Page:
A Human Right Based Approach to China

Martin Edobor discusses why it is imperative that the UK implement ethical foreign policies in relation to China.

In June 1997 the official handover ceremony that would see Hong Kong’s transfer of sovereignty from the United Kingdom to China took place. Without conflict, the land and its peoples was transferred from one nation to another.

To protect those peoples, who had been entitled to a British passport prior to the handover of Hong Kong, the UK and China signed the Sino-British Joint Declaration. This laid the foundation of the “one country, two systems” framework allowing the people of Hong Kong to continue to enjoy human rights, rule of law and self-determination they had enjoyed under British rule

However with the recent passing of a new national security law by China, the social contract between the UK and the people of Hong Kong is under threat.  This authoritarian piece of legislation grants the Chinese state huge sweeping powers, to detain any Hong Kong citizen deemed to be “endangering national security”.  Amnesty International argues the legislation threatens the human rights and dignity of the Hong Kong people.

Our government responded to the Chinese national security law by altering the UK’s extradition treaty with Hong Kong, while offering residency rights and a pathway to citizenship to people in Hong Kong who hold British National (Overseas) passports. A positive step but these small changes are merely tweaking the nose of Beijing - the UK government must do more to show we are serious about upholding international law.

Shadow foreign secretary, Lisa Nandy made the case for a policy of "constructive engagement and strategic independence" at a Fabian Society Virtual event in June. Arguing for the need to engage with Beijing on climate change and Hong Kong’s sovereignty. This engagement must not be at the expense of our morals and principles, but be in aid of them.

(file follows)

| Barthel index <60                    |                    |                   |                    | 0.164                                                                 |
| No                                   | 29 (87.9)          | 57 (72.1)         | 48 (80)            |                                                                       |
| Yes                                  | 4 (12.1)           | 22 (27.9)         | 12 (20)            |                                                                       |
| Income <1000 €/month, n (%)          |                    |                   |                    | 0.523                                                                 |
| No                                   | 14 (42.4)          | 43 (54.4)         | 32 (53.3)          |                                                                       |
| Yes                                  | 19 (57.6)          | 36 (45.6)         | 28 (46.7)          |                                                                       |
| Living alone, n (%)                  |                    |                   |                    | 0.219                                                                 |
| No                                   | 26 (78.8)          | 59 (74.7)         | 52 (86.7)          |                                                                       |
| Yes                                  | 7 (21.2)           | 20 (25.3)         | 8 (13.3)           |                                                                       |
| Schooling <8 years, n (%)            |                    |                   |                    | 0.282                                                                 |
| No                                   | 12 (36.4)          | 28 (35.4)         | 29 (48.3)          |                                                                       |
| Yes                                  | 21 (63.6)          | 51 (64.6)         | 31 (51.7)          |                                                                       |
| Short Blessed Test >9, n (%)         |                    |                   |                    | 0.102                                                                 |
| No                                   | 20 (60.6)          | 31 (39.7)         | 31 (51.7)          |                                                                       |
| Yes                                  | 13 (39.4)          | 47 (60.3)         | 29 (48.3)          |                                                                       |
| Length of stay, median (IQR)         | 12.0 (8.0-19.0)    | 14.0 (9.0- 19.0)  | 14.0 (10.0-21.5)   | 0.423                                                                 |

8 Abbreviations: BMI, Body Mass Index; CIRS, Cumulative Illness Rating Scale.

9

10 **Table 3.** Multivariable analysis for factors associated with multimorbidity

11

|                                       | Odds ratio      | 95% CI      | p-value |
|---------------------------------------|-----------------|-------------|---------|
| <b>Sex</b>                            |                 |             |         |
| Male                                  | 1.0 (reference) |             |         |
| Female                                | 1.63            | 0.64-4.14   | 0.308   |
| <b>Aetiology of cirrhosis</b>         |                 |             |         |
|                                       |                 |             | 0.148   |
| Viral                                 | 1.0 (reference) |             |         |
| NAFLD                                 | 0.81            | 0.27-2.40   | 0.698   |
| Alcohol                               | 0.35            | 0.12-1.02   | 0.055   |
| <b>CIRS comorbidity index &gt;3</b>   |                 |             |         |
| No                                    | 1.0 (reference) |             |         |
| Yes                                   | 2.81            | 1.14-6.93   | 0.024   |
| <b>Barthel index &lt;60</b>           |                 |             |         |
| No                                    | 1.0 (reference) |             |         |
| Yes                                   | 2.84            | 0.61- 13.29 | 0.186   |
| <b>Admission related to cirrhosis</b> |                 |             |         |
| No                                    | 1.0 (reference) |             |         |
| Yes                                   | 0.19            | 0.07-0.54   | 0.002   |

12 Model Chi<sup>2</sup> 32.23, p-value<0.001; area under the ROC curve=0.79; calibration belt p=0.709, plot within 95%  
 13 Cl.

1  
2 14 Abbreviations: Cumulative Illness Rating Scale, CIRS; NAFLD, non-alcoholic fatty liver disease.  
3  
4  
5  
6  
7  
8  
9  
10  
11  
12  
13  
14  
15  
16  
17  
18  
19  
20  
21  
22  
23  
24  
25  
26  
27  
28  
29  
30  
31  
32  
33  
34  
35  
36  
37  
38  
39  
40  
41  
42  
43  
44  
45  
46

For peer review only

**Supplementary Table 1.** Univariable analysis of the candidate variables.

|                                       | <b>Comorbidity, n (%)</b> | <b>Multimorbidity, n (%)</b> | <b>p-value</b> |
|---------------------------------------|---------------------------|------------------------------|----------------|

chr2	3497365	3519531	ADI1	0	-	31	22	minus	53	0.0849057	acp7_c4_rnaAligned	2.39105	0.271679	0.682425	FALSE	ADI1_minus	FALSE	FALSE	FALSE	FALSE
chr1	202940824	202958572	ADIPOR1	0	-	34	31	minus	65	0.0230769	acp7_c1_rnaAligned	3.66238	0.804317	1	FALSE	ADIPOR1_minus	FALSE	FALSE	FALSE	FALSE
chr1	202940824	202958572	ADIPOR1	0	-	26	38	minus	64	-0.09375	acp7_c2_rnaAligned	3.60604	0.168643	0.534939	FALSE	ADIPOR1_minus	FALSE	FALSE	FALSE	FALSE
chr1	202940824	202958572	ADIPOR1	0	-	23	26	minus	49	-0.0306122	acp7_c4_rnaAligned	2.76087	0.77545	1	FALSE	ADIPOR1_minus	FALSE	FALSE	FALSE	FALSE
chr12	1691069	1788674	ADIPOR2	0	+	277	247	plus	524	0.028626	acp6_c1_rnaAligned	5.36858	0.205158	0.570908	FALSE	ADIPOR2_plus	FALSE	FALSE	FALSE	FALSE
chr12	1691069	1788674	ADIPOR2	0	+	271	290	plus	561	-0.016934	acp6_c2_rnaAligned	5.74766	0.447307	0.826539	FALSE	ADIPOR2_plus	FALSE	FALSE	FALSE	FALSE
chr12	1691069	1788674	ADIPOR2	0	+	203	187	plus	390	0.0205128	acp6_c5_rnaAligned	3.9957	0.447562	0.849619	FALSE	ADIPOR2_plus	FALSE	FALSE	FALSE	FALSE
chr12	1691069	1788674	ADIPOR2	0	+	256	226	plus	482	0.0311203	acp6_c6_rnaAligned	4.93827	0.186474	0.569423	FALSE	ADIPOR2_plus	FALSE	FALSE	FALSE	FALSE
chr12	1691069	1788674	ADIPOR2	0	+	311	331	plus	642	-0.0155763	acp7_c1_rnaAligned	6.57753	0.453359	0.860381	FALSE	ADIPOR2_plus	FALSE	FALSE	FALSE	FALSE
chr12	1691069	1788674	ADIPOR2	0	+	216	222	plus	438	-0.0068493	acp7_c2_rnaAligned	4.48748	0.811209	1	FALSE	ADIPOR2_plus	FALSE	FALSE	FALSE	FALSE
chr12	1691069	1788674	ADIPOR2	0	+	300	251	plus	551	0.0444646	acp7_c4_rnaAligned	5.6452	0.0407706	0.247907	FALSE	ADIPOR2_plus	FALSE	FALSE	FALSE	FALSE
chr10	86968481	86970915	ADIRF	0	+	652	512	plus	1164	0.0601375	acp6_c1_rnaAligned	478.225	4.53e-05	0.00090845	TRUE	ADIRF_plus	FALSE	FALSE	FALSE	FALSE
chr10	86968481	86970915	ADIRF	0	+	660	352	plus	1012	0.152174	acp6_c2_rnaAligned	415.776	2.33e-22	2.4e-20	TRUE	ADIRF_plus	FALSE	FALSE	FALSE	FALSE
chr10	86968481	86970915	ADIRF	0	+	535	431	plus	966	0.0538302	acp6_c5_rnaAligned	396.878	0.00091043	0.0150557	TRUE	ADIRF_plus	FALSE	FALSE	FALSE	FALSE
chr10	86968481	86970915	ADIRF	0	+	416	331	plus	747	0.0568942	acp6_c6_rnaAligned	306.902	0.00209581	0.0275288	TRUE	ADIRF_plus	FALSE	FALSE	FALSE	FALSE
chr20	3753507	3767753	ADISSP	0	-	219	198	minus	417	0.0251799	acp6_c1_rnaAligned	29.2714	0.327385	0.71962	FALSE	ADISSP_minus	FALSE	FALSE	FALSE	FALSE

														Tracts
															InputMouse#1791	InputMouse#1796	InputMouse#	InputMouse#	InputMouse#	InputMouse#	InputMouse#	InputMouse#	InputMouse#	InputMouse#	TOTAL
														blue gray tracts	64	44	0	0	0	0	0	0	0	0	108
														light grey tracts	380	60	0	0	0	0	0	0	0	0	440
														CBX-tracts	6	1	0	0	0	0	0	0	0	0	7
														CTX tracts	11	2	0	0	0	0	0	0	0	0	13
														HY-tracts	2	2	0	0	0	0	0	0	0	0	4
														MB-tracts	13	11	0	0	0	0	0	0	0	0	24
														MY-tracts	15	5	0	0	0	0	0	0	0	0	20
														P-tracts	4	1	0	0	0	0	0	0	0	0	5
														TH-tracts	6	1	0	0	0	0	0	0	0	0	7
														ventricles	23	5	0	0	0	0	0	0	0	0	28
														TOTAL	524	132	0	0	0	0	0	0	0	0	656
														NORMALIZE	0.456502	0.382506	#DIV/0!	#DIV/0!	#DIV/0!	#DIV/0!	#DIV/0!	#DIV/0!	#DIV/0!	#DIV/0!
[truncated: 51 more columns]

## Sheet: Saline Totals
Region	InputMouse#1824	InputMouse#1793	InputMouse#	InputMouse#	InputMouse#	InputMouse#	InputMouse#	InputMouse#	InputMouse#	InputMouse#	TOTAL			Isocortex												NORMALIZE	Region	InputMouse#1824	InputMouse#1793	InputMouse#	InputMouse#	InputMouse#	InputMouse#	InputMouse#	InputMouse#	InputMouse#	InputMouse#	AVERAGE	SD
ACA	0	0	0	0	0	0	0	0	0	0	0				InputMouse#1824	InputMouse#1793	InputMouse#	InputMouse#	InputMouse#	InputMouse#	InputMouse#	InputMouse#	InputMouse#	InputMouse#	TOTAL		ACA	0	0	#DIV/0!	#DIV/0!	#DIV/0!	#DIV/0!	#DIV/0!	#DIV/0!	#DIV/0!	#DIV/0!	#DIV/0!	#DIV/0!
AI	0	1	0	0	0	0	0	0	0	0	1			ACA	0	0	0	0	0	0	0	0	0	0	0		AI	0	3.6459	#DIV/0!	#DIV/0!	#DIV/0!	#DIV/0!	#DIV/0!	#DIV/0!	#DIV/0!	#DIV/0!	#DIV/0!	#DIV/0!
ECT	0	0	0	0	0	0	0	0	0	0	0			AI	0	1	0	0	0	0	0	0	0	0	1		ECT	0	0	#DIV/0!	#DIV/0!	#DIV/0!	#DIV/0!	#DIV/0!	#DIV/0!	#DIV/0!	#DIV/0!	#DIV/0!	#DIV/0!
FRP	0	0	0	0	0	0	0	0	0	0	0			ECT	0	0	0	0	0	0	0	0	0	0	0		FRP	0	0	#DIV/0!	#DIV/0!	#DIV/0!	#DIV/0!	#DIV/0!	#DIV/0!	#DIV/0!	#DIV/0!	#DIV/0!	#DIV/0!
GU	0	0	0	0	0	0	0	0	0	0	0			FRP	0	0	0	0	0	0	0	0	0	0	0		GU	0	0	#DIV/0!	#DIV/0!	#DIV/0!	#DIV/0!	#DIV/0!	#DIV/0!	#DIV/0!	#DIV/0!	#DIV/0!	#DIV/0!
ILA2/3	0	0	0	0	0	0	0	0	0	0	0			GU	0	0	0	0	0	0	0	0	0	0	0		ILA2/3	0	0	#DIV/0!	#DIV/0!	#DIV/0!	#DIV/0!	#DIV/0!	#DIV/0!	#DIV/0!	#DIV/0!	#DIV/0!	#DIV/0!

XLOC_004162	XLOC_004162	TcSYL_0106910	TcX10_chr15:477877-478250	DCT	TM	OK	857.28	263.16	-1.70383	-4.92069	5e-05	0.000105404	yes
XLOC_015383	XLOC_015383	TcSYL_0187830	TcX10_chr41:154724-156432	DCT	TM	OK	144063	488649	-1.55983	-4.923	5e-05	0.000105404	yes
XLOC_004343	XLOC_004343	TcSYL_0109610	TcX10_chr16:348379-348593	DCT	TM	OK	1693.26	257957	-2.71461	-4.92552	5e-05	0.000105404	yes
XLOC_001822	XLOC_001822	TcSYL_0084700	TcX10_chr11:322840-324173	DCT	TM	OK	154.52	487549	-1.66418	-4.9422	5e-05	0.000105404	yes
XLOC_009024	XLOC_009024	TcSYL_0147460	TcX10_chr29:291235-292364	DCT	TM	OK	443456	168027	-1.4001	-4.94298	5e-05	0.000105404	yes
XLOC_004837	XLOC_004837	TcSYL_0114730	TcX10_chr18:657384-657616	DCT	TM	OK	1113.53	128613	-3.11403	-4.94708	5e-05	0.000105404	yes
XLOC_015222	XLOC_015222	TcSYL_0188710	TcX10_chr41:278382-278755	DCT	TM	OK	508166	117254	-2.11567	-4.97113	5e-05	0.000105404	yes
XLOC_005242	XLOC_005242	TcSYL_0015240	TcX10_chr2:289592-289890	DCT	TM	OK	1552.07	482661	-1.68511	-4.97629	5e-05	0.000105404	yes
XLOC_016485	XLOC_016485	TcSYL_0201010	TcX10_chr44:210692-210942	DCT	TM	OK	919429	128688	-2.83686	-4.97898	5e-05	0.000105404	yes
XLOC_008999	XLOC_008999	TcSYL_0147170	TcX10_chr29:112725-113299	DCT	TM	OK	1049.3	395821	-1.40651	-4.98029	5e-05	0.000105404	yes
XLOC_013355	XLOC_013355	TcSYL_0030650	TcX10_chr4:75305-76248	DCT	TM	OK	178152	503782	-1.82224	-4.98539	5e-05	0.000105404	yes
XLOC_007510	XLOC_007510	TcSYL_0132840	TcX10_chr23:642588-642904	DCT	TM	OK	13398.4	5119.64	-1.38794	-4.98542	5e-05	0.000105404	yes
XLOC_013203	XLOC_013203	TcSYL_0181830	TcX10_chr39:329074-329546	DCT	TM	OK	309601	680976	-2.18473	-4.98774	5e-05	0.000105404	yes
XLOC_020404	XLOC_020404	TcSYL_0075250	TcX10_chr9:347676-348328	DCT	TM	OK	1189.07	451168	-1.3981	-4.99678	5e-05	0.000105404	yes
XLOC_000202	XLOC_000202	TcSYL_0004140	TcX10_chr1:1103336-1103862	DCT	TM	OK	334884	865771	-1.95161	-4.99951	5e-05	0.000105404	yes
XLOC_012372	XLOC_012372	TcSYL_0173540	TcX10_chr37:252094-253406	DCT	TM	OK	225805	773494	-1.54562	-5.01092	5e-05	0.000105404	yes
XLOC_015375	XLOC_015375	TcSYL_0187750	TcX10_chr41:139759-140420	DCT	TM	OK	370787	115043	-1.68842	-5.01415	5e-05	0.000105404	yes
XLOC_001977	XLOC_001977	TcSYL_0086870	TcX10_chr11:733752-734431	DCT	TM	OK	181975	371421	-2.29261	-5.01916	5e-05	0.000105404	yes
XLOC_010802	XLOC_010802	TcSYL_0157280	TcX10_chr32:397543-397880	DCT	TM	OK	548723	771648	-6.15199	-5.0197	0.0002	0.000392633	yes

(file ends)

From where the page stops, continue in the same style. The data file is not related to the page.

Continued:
The Labour Party has moved to take a bolder stance on China, compared to the previous leadership. Shadow Minister for Asia and the Pacific, Stephen Kinnock made the case that China is presenting the model of responsive authoritarian government as a viable alternative to democracy and liberal-rights based order. We must use our considerable soft power and foriegn policy expertise to make the case for liberal representative democracy, but this case can only be made when we begin to match the economic assistance that China has provided to the region and around the world.

No one wants another cold war, but the best way to avoid it is through the UK out and about in the world making the case for our values and principles. At a time when we could retreat into a Brexit induced period of naval gazing, Labour must make the case for a strong economic and social interventionist approach to the world's problems. We are a world leading cultural, legal and economic hub - this expertise should be used to ensure that progressive social liberal policies are promoted across the world.

Protecting human rights and the environment should be at the centre of our approach to China. An ethical foreign policy is a moral imperative, the people of Hong Kong and the Uyghur minority need both our solidarity and action.

Dr Martin Edobor is the Clinical Director for North Newham Primary Care Network and Vice-Chair of the Fabian Society. He was the Labour PPC for Witham in 2019 and is the former Chair of the Young Fabians (2015-2016) 

He tweets at @martinedobor.

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